Over their entire late-Cretaceous reign, the total number of Tyrannosaurus rex that ever lived on Earth was roughly 2.5 billion individuals, according to a new study, which leveraged the relationship between body mass and population density observed in living animals to estimate the population traits of the iconic, long-extinct species.
According to the authors, the framework they developed could be applied to any extinct creature given the appropriate data. It opens the door for a host of new investigations into other palaeoecological and taphonomic questions. Much can be learned from the fossil record about extinct species like the dinosaurs. However, due to the record’s fragmented nature, understanding ecological variables such as population density and abundance remains challenging.
In living species, one way to understand more about these variables is by using the established relationship between population density and body mass, or Darmuth’s Law, which states that the average population density of a species decreases with body size at a predictable rate. Using Darmuth’s Law and the large body of paleontological data for T. rex — one of the largest carnivorous theropods known — Charles Marshall and colleagues estimated population-level traits and the rate of fossil preservation for the species.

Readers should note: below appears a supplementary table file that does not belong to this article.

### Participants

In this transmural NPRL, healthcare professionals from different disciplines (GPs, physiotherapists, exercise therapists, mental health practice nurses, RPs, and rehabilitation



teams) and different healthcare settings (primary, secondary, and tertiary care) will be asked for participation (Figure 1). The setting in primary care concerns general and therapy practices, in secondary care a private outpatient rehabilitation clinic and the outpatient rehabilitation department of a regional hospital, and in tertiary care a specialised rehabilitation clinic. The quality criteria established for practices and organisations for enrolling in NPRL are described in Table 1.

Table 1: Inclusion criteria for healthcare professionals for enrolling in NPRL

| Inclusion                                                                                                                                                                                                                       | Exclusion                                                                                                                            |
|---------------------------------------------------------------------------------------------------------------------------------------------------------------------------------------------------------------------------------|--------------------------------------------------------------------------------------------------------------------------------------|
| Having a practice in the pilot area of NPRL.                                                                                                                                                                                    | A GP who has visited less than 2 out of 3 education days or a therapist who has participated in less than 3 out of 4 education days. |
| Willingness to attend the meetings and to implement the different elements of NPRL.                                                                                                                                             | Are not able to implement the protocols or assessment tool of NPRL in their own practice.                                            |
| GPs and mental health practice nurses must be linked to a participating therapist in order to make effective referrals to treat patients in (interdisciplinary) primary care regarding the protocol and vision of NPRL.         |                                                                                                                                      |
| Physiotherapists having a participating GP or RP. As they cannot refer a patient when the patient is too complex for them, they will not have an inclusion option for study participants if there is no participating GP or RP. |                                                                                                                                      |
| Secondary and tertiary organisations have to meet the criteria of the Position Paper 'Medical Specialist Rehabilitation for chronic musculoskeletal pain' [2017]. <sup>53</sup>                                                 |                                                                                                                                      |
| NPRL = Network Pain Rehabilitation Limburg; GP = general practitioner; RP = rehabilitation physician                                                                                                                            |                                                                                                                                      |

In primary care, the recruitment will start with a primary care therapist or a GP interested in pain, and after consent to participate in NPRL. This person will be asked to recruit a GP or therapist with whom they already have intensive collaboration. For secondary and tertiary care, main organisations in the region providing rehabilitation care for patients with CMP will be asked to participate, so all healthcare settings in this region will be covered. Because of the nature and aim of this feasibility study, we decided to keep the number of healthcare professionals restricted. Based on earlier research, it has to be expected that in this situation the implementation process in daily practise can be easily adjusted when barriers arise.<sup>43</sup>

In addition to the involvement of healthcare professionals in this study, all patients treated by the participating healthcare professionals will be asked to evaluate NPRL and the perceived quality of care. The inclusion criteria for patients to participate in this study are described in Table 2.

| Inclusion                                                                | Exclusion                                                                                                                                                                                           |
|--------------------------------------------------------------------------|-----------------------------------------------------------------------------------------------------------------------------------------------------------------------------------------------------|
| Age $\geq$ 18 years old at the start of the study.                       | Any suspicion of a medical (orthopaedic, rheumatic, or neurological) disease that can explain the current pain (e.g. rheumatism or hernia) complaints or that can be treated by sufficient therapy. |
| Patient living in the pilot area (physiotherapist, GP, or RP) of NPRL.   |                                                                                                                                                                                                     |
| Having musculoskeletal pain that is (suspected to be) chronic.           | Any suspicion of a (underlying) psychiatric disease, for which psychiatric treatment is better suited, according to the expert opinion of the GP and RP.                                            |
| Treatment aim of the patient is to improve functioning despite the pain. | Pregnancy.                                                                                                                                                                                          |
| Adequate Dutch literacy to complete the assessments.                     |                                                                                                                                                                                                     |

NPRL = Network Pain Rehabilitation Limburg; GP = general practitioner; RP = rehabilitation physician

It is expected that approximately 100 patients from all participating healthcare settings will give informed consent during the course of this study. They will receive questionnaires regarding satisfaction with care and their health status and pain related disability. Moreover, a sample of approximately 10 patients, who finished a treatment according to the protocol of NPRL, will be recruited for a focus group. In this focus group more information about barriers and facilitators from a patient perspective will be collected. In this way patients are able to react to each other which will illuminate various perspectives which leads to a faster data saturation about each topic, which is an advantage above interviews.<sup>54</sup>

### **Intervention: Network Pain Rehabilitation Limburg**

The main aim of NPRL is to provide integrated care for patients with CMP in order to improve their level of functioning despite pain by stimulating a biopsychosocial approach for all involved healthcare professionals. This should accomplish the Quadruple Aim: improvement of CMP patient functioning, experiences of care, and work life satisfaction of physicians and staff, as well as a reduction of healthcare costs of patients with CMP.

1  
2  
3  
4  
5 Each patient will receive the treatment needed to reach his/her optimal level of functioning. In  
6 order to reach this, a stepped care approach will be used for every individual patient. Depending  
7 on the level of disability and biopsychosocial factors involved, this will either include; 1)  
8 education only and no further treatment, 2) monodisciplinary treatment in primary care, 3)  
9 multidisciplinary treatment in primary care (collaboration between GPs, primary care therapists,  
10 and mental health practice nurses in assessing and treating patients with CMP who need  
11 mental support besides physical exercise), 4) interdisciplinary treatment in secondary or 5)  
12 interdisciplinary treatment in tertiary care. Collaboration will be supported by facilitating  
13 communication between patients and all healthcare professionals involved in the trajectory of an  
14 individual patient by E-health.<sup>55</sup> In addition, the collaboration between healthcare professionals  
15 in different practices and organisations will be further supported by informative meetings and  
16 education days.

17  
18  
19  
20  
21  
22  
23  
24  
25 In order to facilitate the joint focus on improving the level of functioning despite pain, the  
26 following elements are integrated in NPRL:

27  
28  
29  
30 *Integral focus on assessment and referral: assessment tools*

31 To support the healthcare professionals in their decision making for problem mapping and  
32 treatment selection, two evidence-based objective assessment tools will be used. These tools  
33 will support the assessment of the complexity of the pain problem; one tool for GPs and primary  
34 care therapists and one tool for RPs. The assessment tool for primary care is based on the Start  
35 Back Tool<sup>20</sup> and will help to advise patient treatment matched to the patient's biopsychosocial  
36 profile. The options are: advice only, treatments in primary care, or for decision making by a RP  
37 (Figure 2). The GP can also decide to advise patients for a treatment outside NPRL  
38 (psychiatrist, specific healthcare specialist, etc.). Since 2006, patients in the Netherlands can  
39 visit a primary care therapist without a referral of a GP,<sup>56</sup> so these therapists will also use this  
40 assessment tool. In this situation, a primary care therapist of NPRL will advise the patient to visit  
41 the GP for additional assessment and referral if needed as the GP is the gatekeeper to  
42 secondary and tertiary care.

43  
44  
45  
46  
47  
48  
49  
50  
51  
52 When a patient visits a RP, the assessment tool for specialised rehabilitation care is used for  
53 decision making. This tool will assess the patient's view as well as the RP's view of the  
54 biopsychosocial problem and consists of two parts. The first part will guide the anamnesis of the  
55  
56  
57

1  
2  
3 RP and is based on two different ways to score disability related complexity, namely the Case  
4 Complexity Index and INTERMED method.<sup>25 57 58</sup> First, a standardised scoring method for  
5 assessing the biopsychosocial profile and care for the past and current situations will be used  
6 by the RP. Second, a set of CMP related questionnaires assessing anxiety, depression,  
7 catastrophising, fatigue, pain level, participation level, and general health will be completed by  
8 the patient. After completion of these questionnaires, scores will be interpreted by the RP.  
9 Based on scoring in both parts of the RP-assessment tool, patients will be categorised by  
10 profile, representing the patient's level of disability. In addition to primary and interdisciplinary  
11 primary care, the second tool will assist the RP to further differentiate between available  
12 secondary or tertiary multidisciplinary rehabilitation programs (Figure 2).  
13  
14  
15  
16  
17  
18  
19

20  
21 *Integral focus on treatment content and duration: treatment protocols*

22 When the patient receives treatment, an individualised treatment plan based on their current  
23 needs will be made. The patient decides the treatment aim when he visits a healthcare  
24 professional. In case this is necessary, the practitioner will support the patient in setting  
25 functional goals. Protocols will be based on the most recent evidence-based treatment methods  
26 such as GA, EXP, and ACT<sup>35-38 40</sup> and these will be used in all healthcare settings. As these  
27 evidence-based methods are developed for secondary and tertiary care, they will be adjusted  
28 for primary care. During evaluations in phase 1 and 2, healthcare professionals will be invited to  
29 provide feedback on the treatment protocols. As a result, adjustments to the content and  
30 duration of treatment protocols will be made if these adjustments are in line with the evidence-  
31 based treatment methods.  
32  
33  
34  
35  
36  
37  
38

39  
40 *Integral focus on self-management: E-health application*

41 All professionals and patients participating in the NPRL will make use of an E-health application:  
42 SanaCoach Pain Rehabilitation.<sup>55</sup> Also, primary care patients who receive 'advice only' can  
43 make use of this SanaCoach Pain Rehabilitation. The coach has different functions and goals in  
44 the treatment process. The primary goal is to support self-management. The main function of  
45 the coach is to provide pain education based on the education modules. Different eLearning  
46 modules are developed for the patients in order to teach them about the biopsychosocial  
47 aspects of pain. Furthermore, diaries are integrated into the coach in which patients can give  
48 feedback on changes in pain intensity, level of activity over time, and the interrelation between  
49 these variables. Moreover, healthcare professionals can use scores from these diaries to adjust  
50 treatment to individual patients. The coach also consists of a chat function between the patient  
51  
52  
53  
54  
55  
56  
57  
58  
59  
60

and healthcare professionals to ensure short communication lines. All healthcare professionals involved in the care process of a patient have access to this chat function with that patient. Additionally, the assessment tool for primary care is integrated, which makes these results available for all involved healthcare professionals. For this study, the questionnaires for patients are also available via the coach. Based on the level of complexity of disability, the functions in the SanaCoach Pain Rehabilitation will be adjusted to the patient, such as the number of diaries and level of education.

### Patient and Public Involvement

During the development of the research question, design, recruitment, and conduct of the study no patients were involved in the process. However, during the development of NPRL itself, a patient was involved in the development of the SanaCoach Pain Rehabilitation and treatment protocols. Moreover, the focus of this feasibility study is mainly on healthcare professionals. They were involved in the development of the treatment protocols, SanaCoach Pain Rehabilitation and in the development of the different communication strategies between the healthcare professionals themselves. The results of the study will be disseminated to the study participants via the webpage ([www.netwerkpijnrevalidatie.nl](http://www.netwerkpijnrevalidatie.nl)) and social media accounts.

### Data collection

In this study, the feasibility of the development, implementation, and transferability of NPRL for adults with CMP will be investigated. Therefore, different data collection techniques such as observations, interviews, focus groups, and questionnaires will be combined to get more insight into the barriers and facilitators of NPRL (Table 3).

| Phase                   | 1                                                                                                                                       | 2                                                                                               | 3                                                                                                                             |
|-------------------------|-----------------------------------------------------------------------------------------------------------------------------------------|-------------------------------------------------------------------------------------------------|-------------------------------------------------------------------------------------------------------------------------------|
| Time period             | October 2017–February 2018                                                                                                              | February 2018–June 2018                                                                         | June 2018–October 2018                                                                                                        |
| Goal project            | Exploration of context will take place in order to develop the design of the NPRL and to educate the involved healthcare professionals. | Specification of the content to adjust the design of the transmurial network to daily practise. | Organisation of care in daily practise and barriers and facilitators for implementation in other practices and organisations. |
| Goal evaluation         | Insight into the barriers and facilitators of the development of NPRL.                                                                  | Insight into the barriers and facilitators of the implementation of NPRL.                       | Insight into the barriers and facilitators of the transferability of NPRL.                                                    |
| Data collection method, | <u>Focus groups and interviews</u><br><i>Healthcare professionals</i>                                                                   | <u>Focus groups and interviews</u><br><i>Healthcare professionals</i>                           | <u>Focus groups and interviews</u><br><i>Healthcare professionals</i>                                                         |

Their findings suggest that nearly 20,000 T. rex lived concurrently at any given time during their tenure on Earth and persisted for ~127,000 generations, totaling 2.5 billion over their entire existence. What’s more, the authors estimate that the population density of the species equated to 3,800 T. rex in an area the size of California — or just two in an area the size of Washington D.C.
The results also allowed Marshall et al. to determine that only about 1 in 80 million T. rex survived the eons as fossilized remains. Although the uncertainties of the estimations span over two orders of magnitude, the authors largely attribute the potential error to variance in the density-body mass relationship underlying Damuth’s Law rather than to variance in the palaeobiological data for T. rex.
For more on this study, read Paleontologists Stunning Conclusion: 2.5 Billion T. Rexes Roamed North America Over the Cretaceous Period.
Reference: “Absolute abundance and preservation rate of Tyrannosaurus rex” by Charles R. Marshall, Daniel V. Latorre, Connor J. Wilson, Tanner M. Frank, Katherine M. Magoulick, Joshua B. Zimmt and Ashley W. Poust, 16 April 2021, Science.